In his day, to sell Social Security, FDR talked about contributions, trust funds, and how “not a penny will come from government.” He wanted to impress on people that they would have a legal, moral and political right to get Social Security. Today, people remember the lessons and say “You’re right.”
These attitudes will not change in the next year. Also, the audience that is listening is the audience that you have to talk to.
Reform supporters will be unable to get the under 40s involved, because they have written off Social Security. They will have to work on the seniors who are paying attention, concentrating on the message that “none of you will be affected.” If they can make that point, senior support for reform jumps to about 50% and there will be less diehard resistance to change.
At a certain point in the process, the dynamics could shift. Seniors would see that no one had cut their benefits and tune out. Meanwhile, workers with decisions to make – do I want a personal account, etc. – would tune in.
MICHAEL BARONE – The previous speakers have pretty well exhausted what I have to say. Maybe we should pass a law forcing everyone to watch that video.
Polls are fine, but also politicians need to run on issues and win.
The Democrats have one big disadvantage – they don’t have anyone real popular to wheel out in support of their position. Ted Kennedy? Their staunchest allies are the “old media,” who pulled out all the stops in 2004 and wound up embarrassing themselves. Dan Rather lost his job, President Bush kept his.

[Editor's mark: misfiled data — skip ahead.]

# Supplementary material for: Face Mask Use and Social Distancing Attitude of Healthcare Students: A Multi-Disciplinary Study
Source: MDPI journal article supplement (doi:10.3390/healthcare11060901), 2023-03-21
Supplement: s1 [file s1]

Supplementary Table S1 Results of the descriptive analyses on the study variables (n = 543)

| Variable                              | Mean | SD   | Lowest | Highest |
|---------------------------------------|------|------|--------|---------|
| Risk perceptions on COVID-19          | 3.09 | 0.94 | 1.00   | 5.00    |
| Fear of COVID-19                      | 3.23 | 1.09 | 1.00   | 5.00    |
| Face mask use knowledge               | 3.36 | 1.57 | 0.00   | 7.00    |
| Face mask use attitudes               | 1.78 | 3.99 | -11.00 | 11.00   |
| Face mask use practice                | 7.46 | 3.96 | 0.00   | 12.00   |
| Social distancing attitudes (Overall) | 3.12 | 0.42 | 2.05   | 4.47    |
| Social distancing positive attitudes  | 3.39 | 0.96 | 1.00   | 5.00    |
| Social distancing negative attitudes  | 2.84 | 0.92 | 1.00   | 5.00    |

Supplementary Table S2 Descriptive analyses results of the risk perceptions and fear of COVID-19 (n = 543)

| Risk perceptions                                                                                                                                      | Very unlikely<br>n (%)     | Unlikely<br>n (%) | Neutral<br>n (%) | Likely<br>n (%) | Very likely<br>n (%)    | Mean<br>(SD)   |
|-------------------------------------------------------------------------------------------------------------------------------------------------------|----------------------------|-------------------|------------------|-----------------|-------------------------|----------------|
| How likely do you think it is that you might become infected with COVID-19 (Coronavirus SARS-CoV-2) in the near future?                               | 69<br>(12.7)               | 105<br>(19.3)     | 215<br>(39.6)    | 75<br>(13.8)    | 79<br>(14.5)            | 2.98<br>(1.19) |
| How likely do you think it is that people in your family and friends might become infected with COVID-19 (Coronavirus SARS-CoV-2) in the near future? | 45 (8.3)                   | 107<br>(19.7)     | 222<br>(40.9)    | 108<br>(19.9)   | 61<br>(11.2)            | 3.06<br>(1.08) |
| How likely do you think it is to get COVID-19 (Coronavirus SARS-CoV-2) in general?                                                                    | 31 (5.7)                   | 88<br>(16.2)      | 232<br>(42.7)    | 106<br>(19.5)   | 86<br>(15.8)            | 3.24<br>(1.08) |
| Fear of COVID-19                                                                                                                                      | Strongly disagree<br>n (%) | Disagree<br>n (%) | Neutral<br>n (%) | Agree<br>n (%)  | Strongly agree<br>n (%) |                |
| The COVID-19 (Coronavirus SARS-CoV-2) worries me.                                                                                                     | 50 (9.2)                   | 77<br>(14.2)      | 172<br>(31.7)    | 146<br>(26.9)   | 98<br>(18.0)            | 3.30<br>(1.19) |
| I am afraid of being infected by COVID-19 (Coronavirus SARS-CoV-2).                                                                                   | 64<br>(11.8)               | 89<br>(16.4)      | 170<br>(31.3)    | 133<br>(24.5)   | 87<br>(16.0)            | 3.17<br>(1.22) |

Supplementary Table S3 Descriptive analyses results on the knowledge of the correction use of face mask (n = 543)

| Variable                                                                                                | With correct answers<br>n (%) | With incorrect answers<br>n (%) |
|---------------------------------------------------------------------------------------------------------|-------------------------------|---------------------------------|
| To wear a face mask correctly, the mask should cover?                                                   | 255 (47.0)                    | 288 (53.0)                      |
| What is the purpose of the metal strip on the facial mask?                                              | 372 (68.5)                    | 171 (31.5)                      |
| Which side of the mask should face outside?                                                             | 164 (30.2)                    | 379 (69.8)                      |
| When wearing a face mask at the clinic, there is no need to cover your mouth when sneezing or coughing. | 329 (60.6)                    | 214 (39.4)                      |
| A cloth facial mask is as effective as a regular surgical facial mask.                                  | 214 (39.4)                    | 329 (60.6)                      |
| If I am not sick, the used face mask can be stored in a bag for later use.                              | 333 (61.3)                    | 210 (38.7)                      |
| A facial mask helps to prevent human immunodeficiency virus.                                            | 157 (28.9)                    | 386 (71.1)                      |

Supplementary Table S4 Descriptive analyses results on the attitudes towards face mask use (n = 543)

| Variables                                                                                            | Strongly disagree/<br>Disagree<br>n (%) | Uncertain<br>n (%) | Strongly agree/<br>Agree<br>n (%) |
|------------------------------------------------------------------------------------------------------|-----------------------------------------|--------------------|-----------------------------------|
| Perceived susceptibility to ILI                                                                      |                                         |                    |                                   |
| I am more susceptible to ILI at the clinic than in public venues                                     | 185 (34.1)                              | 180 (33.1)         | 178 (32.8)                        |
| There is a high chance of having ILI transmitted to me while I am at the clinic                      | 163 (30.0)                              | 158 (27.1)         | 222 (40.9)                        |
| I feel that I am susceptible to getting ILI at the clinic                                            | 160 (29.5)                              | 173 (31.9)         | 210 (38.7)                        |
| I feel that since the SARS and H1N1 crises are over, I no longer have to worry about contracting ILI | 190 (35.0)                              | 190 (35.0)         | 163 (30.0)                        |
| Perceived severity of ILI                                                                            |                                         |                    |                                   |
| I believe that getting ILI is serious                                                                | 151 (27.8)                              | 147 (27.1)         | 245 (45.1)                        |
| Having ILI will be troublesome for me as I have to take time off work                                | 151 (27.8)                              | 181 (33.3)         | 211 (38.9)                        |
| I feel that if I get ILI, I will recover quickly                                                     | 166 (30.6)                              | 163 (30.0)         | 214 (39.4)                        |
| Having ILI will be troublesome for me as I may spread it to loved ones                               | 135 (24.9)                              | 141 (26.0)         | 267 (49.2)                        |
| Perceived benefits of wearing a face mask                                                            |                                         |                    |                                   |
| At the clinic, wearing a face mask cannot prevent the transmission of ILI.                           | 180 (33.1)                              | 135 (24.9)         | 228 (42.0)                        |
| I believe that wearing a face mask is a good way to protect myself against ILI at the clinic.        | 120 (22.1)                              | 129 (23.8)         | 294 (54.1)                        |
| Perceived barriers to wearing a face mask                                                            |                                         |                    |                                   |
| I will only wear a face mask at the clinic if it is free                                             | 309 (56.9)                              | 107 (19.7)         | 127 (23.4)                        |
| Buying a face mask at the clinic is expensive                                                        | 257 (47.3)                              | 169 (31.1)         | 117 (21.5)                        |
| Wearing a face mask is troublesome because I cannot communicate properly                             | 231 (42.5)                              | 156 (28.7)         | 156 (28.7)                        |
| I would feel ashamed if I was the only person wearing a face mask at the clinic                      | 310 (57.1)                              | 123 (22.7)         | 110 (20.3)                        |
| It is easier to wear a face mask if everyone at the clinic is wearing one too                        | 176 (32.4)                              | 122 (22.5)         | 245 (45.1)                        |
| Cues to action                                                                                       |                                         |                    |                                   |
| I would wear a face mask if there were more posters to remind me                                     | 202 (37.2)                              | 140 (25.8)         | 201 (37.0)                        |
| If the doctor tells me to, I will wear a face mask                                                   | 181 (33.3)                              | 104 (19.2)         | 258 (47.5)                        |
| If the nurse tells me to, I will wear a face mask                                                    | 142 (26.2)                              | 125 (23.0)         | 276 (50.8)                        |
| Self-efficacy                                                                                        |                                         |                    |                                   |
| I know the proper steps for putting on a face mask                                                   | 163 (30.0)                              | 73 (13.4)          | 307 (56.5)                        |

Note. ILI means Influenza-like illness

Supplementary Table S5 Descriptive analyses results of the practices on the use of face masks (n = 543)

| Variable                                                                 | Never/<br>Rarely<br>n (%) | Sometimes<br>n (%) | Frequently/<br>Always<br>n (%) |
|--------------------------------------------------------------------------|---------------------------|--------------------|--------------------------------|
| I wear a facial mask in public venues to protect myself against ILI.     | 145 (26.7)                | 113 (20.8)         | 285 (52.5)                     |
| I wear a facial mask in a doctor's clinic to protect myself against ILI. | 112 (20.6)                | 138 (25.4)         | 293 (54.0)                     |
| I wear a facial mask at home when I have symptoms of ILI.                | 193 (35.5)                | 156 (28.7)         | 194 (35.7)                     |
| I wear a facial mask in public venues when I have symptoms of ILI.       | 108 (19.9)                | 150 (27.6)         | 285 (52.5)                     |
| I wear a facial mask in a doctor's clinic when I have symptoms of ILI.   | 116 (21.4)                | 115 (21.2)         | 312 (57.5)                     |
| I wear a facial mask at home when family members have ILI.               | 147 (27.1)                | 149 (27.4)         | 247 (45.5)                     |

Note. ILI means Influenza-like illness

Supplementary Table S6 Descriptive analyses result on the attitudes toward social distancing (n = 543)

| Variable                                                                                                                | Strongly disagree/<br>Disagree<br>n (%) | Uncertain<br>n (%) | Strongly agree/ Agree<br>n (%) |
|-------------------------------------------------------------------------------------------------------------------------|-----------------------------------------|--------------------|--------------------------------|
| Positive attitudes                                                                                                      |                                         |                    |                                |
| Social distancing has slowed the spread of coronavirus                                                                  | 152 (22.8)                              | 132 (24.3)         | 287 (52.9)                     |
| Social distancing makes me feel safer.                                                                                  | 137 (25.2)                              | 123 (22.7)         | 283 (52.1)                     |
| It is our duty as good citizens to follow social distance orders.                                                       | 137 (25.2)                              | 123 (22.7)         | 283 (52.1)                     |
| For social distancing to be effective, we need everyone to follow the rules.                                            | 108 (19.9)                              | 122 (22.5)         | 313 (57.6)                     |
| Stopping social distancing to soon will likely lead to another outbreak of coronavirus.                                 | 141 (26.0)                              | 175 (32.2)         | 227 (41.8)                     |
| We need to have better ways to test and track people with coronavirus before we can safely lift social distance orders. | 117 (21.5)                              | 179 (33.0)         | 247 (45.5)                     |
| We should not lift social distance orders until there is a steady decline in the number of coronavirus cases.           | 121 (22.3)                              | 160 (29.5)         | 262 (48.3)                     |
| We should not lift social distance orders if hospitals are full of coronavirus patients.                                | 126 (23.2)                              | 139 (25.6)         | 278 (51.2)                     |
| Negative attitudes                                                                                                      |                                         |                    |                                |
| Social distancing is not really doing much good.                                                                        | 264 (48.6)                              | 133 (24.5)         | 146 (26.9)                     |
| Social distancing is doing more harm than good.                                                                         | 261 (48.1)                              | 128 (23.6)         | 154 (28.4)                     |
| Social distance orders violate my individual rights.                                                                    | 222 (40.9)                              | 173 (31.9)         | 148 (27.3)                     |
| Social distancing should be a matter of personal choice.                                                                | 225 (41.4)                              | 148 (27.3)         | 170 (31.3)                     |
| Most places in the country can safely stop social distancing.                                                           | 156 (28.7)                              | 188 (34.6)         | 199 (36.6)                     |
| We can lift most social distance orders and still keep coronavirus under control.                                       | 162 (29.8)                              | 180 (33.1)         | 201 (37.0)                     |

If the country thinks there is a Social Security problem and the proposed solution is reasonable, it will be hard for the Democrats to hold the line by a filibuster in the Senate. Therefore, their best bet would be to take a page out of John Kerry’s playbook and support an “add on” plan – to be for and against personal accounts at the same time.
Q. How important (politically) is the possibility of borrowing to fund the transition?
•Barone – Deficits don’t matter, being against them is bad politics.
•Zogby – Deficits show up in top 6 or 7 issues for voters.
•Rasmussen – Voters like balanced budgets, they just care more about other things.•Zogby – Back when there were surpluses (2001), we polled voters as to how it should be used. The no. 1 answer was pay off debt, increase spending was second, and cut taxes was a distant third.